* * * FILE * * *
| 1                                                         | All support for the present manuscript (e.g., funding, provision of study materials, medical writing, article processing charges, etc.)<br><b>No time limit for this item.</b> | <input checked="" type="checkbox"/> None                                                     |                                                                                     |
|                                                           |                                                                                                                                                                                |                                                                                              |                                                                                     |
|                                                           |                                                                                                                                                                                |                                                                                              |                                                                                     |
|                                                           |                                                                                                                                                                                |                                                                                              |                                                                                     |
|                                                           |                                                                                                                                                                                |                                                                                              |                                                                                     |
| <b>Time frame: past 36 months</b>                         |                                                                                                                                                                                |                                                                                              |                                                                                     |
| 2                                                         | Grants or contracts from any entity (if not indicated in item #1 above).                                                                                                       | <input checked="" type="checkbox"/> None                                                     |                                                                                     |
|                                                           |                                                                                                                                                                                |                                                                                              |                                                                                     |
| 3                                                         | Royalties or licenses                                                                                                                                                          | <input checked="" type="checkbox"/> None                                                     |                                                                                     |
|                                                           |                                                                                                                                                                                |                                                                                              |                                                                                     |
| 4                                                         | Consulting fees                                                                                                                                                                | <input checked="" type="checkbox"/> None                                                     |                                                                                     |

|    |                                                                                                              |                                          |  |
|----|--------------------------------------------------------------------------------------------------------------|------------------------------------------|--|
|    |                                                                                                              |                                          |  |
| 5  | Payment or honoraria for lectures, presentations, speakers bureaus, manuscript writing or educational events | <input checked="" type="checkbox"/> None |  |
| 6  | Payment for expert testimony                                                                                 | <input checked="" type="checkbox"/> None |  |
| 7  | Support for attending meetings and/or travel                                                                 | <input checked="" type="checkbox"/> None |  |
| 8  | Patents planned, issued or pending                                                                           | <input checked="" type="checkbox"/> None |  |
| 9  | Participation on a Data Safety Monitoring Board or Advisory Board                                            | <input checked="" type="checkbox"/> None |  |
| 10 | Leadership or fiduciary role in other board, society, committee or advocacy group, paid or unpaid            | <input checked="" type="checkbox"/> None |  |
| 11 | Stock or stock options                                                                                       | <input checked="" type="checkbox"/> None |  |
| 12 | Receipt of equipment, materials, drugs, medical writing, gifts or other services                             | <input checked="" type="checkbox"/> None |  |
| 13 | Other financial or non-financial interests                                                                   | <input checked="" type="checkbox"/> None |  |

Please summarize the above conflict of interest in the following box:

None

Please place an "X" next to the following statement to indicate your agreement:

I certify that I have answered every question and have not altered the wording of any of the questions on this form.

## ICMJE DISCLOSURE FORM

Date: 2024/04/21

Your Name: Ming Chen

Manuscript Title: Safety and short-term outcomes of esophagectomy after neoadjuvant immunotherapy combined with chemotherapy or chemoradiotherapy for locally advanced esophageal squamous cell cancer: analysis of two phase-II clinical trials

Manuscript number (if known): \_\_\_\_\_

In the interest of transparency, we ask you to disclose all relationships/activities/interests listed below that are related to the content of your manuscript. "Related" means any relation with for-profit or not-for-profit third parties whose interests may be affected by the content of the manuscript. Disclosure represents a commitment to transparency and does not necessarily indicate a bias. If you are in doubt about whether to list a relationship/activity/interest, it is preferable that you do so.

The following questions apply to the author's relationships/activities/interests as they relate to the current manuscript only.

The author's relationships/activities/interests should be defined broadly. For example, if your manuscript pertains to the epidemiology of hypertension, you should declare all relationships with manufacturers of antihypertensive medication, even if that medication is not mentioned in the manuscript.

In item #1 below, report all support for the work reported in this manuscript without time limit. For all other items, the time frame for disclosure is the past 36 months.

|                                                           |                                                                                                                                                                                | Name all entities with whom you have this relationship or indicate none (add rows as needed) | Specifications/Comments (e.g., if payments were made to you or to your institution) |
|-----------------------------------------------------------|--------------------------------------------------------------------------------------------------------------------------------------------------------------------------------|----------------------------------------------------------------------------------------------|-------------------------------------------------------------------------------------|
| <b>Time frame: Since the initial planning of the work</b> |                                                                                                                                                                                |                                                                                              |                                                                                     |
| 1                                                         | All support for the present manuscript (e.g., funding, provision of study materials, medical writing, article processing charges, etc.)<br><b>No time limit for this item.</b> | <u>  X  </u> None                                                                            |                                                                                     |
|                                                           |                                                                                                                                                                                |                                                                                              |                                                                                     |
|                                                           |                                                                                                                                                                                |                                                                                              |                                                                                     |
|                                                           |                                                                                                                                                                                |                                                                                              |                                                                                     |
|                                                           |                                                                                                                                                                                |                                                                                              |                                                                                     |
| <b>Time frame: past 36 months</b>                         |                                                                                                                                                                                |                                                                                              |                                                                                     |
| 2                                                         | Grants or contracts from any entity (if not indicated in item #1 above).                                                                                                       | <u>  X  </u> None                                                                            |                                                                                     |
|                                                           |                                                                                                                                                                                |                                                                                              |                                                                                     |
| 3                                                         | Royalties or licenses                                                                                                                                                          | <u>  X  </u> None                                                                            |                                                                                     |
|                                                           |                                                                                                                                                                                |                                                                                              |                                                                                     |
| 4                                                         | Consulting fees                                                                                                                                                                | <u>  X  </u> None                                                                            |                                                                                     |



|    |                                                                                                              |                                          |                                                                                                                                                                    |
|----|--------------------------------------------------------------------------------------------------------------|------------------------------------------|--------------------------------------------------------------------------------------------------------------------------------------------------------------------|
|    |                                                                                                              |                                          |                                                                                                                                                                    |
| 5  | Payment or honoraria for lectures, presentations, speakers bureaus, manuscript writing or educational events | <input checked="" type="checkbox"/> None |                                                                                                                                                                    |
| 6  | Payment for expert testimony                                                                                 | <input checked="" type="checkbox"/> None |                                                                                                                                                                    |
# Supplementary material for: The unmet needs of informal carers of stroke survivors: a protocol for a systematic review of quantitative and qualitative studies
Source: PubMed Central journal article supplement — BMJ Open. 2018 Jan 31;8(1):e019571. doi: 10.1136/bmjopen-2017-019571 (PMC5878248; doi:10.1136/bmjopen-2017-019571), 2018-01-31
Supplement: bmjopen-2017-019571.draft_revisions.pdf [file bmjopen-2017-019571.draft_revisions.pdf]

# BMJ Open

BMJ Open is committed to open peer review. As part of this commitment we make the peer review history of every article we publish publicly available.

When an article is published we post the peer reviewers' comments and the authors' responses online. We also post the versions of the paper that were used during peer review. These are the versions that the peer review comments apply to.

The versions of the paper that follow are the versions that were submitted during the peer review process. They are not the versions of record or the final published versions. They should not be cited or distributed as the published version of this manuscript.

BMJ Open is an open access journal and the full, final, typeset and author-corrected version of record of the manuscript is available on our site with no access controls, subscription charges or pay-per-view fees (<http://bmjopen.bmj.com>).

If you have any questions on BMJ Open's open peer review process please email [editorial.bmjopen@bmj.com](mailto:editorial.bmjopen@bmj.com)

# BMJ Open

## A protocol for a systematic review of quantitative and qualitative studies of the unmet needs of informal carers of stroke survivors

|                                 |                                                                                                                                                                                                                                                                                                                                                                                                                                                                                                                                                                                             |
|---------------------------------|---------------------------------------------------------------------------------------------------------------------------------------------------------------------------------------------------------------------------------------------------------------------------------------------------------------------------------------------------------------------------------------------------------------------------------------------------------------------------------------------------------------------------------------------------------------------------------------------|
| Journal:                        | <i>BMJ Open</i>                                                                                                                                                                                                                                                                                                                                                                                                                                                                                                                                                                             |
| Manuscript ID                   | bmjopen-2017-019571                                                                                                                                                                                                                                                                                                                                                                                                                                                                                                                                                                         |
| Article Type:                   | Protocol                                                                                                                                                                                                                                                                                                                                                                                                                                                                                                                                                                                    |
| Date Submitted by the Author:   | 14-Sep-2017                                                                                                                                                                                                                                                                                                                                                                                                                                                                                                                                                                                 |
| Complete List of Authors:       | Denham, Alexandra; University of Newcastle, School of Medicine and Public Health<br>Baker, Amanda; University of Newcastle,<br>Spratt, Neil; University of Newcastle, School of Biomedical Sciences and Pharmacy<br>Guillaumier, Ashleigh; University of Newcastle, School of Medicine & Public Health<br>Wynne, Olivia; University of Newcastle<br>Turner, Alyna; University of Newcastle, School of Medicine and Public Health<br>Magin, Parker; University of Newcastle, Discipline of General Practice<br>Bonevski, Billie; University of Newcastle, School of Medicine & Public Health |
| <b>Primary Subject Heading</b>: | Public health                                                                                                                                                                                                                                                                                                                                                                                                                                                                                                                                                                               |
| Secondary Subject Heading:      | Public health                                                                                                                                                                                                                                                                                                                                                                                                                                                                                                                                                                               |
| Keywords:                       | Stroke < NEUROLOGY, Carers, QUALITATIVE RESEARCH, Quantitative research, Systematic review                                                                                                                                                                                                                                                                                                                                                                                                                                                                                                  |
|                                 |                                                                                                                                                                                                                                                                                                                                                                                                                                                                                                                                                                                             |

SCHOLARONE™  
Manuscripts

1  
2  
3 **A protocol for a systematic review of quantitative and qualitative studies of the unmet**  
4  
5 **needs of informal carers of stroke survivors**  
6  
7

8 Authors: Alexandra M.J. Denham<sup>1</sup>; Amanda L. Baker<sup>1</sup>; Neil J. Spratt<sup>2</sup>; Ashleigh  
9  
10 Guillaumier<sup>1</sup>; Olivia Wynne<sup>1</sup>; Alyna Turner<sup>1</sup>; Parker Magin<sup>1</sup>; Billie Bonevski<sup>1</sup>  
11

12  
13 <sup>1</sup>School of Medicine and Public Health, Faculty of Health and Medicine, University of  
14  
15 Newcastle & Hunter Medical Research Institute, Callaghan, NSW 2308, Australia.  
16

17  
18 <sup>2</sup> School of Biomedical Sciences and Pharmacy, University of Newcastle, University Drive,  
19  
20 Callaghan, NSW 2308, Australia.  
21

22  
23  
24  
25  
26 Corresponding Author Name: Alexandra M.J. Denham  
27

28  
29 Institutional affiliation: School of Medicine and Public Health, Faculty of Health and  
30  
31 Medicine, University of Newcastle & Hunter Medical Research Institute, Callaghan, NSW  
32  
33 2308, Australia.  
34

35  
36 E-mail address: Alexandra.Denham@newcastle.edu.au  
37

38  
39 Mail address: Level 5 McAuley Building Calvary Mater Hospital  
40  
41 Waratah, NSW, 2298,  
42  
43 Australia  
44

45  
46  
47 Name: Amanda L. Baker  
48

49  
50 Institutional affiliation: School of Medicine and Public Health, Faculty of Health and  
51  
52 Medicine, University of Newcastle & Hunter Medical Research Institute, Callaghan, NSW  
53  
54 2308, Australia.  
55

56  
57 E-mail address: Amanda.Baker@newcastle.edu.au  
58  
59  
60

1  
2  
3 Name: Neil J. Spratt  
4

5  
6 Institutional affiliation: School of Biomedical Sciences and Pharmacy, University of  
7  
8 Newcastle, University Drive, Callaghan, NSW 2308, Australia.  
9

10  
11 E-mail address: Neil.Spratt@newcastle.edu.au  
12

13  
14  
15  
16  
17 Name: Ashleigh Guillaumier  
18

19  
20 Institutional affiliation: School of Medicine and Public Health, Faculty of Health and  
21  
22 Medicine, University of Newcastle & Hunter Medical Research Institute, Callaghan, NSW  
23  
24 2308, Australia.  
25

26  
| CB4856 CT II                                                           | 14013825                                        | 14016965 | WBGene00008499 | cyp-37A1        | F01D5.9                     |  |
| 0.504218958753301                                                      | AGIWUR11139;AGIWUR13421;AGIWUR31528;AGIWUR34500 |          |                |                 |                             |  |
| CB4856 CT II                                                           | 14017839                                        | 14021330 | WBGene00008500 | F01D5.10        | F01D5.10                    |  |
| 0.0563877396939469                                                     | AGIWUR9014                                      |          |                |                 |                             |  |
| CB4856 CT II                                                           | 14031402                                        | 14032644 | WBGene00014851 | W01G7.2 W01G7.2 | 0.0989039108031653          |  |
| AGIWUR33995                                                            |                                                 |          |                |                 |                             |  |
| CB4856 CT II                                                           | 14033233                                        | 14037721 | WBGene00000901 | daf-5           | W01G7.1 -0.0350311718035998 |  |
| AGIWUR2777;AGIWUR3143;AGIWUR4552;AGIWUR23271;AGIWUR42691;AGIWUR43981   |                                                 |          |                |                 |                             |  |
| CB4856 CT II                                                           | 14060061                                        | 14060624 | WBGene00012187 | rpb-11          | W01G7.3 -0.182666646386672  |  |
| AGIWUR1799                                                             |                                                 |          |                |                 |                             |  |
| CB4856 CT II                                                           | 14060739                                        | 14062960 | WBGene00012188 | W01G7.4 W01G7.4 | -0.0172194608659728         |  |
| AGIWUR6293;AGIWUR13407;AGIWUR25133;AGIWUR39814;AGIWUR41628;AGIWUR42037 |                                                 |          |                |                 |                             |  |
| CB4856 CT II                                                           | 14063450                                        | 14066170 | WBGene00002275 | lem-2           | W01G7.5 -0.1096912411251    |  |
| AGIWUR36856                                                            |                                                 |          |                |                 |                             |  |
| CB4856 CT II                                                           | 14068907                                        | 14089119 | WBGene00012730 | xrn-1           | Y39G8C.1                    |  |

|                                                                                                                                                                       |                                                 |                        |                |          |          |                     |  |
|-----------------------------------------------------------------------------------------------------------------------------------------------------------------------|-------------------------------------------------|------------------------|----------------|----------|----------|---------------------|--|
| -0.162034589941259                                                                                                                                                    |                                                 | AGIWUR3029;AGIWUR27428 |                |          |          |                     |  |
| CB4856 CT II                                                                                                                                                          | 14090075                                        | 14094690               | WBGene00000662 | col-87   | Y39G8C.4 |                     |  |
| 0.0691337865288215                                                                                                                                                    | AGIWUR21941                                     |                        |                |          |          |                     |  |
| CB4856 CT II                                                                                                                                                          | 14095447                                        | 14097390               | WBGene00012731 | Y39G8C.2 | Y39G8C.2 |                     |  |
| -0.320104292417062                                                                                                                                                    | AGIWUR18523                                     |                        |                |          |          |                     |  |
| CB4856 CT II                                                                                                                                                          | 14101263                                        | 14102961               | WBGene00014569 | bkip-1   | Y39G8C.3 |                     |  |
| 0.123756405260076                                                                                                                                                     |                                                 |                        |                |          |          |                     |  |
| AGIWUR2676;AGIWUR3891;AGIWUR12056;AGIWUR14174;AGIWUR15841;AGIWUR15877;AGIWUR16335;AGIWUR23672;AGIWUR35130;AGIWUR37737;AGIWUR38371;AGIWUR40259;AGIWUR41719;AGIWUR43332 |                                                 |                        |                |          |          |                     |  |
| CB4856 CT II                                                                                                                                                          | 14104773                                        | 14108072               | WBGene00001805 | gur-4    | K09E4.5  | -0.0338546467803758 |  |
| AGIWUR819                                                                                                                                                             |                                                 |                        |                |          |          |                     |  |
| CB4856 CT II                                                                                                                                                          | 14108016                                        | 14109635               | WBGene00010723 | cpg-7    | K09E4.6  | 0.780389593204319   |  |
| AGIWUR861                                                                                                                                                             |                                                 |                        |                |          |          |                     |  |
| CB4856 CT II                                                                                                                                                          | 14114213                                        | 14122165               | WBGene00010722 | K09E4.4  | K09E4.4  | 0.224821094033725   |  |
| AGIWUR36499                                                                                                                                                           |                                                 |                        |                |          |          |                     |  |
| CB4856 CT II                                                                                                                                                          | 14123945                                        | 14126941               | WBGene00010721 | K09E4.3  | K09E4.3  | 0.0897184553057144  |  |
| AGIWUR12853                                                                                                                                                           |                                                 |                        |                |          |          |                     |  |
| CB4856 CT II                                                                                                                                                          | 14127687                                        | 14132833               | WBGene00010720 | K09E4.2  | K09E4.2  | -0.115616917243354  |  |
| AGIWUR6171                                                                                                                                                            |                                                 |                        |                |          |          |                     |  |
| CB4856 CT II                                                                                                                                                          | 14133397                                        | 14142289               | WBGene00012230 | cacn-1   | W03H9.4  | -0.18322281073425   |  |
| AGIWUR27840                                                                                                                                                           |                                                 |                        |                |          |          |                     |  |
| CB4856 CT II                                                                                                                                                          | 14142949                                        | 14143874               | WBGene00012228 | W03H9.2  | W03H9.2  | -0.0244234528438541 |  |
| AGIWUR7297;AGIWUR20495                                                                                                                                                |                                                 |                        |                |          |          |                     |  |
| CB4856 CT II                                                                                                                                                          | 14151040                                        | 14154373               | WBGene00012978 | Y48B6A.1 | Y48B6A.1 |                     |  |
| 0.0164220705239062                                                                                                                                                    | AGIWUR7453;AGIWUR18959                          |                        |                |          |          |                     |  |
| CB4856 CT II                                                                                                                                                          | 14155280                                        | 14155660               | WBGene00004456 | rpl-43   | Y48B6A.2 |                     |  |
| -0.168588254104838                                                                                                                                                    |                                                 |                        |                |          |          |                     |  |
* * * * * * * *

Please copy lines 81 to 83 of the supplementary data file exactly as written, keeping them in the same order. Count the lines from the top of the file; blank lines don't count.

2  
3 **A protocol for a systematic review of quantitative and qualitative studies of the unmet**  
4  